Classing of Commercial Fishing Vessels
Between 2000 and 2010 there were 278 fatalities on U.S.-flag commercial fishing vessels and 148 commercial fishing vessel disasters. According to the U.S. Department of Labor, commercial fishing is the most deadly industry in the United States. In the past 2 weeks, two commercial fishing vessels sank – the 55 foot shrimp boat MISS KATHY sank off Georgia and the 52 foot SEA BEAST sank off Washington State resulting in the death of its master.
The Commercial Fishing Vessel Safety Act of 1988 has saved many lives by requiring safety equipment on vessels – such as immersion suits and Emergency Position Indicating Radio Beacons (EPIRBs). However, this law did not establish any requirement for commercial fishing vessels to meet design and construction standards. The 1988 Act helped you once your vessel was sinking – but it did little to prevent it from sinking in the first place.
Section 603 of the Coast Guard Authorization Act of 2010 amended section 4503 of title 46 of the United States Code closed this gap by requiring all commercial fishing vessels that are 50 feet or overall in length and operate more than 3 nautical miles offshore to be designed, built, and maintained to a standard established by an approved classification society (such as the American Bureau of Shipping or DNV GL). Congress believed that these private sector safety organizations would work with the commercial fishing industry to develop flexible standards that would meet the needs of the fishing industry and improve safety. The deadline to meet these standards was delayed until June 30, 2013 to give the classification societies time to develop the standards and for the fishing industry to be able to use these standards for new fishing vessels. Classing works and is affordable – even for vessels in the 50 to 79 foot size range. Last year Kvichak Marine Industries built a 66 foot fish tender vessel PAUL JOHNSON for the Norton Sound Economic Development Corporation – it was classed by RINA (the Italian classification society) (see article).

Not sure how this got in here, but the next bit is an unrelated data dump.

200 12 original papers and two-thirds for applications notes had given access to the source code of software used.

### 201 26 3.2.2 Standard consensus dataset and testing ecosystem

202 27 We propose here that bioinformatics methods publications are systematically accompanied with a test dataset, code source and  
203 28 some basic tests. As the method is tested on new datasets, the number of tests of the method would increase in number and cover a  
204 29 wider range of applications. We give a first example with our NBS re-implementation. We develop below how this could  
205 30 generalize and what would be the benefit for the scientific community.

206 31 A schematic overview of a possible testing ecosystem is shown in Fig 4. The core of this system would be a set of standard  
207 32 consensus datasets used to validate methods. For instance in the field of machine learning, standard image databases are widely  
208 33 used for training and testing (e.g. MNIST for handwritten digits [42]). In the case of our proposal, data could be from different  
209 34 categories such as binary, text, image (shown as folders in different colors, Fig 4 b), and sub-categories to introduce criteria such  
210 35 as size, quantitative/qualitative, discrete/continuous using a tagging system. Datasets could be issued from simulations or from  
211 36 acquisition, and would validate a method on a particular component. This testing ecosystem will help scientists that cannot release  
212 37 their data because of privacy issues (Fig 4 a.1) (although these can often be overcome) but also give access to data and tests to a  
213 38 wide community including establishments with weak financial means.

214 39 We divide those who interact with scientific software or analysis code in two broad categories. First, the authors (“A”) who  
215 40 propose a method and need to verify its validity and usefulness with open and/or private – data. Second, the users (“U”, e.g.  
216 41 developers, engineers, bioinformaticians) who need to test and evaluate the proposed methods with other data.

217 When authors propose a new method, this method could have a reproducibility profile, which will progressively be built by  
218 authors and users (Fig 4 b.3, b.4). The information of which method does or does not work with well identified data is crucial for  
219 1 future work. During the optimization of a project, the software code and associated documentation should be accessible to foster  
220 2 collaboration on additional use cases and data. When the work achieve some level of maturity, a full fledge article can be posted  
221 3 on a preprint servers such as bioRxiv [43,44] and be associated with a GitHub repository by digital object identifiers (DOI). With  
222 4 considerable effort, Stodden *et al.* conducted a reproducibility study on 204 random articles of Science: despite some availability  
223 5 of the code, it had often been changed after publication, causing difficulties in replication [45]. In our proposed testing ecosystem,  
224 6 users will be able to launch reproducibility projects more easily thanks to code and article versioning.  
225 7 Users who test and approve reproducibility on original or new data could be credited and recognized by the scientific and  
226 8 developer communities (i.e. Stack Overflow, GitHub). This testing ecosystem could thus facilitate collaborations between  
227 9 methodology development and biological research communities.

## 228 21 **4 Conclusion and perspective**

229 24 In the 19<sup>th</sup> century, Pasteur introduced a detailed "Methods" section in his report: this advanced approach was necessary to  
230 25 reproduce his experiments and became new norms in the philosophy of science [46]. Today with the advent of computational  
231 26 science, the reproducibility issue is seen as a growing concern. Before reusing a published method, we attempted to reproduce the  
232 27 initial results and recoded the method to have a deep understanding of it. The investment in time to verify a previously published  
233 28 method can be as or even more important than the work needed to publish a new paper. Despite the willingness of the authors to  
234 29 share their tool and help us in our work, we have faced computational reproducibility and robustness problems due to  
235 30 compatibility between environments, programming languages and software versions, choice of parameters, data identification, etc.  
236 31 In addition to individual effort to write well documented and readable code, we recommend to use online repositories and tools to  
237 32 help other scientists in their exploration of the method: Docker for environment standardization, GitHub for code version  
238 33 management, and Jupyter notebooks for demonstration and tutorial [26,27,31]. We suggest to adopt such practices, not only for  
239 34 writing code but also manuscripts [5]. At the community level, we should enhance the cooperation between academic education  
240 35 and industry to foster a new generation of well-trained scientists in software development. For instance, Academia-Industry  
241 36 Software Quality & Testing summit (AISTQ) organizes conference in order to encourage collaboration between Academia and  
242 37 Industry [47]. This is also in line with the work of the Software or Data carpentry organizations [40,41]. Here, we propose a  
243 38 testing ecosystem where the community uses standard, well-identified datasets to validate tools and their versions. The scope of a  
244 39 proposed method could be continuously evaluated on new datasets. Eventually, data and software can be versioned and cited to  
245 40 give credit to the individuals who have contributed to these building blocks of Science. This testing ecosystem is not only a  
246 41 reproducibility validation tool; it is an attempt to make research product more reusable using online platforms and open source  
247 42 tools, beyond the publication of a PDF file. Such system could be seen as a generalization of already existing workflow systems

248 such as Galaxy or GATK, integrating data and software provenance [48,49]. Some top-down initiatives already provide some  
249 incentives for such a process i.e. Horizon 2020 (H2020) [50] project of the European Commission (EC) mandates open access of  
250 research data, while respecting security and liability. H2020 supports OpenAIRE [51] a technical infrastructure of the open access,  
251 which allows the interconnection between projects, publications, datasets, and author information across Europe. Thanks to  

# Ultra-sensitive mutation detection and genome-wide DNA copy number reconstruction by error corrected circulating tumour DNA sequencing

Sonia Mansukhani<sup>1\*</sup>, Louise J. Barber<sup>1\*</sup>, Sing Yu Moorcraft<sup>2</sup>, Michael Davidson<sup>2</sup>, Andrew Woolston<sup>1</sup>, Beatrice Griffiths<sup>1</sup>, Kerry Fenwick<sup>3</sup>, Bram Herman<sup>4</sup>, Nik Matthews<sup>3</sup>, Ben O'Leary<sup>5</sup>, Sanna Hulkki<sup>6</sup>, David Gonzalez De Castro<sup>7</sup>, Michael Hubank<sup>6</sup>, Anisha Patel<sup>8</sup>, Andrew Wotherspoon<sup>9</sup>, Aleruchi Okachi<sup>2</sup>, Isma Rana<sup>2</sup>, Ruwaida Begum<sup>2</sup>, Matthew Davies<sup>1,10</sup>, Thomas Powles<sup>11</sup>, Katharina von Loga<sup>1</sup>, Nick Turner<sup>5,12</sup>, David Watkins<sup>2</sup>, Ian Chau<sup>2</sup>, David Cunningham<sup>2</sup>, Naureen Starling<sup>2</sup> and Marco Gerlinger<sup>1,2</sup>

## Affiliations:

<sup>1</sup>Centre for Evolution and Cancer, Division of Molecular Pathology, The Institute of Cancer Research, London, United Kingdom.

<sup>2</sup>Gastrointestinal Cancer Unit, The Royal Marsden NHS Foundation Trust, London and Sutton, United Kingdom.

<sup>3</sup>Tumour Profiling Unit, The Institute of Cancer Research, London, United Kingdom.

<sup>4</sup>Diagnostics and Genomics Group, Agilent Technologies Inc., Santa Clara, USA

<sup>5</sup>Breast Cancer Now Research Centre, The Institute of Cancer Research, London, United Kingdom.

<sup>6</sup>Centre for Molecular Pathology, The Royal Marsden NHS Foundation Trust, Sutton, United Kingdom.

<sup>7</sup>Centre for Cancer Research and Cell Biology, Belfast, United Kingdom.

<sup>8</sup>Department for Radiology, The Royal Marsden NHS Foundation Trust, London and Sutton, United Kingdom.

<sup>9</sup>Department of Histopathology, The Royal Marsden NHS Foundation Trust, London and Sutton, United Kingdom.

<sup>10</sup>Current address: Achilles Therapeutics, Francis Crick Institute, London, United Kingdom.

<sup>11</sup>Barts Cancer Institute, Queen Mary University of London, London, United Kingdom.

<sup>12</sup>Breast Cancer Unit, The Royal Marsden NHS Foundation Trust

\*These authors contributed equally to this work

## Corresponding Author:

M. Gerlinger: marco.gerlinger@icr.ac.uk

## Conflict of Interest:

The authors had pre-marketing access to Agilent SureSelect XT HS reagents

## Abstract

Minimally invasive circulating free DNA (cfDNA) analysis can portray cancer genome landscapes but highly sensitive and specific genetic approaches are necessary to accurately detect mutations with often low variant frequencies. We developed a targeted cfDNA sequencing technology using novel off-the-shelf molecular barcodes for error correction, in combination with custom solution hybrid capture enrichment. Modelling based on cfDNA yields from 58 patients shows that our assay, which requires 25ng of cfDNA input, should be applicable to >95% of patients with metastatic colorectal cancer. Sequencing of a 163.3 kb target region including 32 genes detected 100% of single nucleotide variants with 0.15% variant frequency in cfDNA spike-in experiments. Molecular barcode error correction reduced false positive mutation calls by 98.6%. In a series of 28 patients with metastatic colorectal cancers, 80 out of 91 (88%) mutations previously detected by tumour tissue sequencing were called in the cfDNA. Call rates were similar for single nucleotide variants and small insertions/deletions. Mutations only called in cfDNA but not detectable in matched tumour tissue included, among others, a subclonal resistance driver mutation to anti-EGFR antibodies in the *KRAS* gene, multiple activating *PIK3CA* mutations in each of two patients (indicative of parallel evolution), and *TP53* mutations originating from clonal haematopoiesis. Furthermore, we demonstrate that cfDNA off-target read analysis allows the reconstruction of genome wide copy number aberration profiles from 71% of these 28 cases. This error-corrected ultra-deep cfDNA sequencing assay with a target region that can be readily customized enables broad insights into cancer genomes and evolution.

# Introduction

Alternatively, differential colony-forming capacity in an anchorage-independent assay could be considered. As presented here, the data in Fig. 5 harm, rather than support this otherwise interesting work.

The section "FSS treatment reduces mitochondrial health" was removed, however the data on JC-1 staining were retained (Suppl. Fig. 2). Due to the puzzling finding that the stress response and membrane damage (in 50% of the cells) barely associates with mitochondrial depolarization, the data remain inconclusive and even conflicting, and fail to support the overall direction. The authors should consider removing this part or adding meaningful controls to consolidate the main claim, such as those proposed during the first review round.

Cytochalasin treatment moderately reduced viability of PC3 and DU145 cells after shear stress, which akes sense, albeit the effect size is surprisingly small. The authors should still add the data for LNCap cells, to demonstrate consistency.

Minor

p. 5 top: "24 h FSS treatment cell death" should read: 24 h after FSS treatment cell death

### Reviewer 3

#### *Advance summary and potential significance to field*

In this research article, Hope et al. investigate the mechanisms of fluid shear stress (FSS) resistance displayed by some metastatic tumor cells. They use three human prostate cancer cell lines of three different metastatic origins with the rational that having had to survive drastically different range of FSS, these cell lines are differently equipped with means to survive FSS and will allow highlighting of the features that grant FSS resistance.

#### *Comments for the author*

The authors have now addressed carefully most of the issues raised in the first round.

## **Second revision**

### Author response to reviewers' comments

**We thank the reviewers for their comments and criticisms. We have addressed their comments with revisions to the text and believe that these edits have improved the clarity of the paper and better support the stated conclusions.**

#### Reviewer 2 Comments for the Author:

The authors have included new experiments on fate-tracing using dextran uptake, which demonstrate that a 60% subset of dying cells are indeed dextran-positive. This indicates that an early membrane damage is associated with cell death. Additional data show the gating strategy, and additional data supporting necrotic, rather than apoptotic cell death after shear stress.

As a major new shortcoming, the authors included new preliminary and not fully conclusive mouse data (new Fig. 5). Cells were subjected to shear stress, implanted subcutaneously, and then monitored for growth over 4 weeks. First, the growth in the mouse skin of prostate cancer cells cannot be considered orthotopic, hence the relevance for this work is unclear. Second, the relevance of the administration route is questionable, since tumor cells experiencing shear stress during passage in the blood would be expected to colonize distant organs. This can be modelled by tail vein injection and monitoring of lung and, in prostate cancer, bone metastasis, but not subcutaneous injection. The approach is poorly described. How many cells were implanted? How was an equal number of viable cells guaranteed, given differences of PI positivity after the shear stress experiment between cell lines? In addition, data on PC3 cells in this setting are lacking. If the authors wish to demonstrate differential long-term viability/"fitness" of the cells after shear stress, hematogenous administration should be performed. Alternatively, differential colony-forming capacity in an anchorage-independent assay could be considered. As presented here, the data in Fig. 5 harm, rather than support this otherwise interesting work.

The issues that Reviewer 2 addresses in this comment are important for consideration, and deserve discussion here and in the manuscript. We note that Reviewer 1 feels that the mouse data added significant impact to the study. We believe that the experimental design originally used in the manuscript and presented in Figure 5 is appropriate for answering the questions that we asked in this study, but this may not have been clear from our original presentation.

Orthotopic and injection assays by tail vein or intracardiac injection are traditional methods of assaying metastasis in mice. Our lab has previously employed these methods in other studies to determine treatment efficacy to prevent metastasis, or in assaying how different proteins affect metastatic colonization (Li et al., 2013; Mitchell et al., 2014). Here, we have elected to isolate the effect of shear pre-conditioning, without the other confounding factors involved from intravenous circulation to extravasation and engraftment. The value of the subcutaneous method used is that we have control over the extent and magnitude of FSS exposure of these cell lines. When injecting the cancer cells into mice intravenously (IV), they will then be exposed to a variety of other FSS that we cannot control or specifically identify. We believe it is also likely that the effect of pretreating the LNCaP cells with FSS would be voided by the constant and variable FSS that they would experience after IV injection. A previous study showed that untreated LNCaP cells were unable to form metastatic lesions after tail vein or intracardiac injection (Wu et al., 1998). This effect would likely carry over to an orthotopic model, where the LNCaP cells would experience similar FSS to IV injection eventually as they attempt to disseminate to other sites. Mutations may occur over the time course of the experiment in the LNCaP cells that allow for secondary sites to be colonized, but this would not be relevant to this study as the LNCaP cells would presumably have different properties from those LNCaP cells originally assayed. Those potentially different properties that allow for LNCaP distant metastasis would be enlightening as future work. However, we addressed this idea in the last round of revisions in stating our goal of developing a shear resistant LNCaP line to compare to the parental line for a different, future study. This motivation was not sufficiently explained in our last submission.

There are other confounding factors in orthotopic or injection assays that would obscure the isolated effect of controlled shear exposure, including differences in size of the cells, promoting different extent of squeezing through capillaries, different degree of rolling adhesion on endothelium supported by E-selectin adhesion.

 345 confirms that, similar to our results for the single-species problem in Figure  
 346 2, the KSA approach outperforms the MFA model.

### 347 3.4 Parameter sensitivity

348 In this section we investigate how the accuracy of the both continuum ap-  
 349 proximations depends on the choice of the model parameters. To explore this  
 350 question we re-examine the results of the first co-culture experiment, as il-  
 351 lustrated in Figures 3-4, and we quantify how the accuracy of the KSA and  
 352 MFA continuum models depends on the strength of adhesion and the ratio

The Coast Guard Authorization Act of 2015, as amended by the Committee on Transportation and Infrastructure, allows commercial fishing vessels that are between 50 and 79 feet to meet an “Alternate Safety Compliance Program” established by the Coast Guard instead of meeting the standards of a classification society. Classing begins with review of the construction plans, includes certification of shipyard workers such as welders, and continues on to periodic examinations to ensure that the vessel continues to meet the class society standards throughout the life of the vessel. To be an “Alternative” to classing that provides the same level of safety, the Coast Guard standards must include all of the components required under class requirements such as hull and machinery standards.
Under the 2010 Authorization Act, commercial fishing vessels built before July 1, 2013 do not have to be classed – but must meet the safety standards of an Alternate Compliance Safety Program established by the Coast Guard. Existing fishing vessels that are at least 50 feet overall in length must meet these requirements beginning on January 1, 2020 once the vessel is 25 years old.
While the sea will always be unpredictable and dangerous, it is time to implement design and construction standards for commercial fishing vessels to protect the men and women who put fish on our table to eat.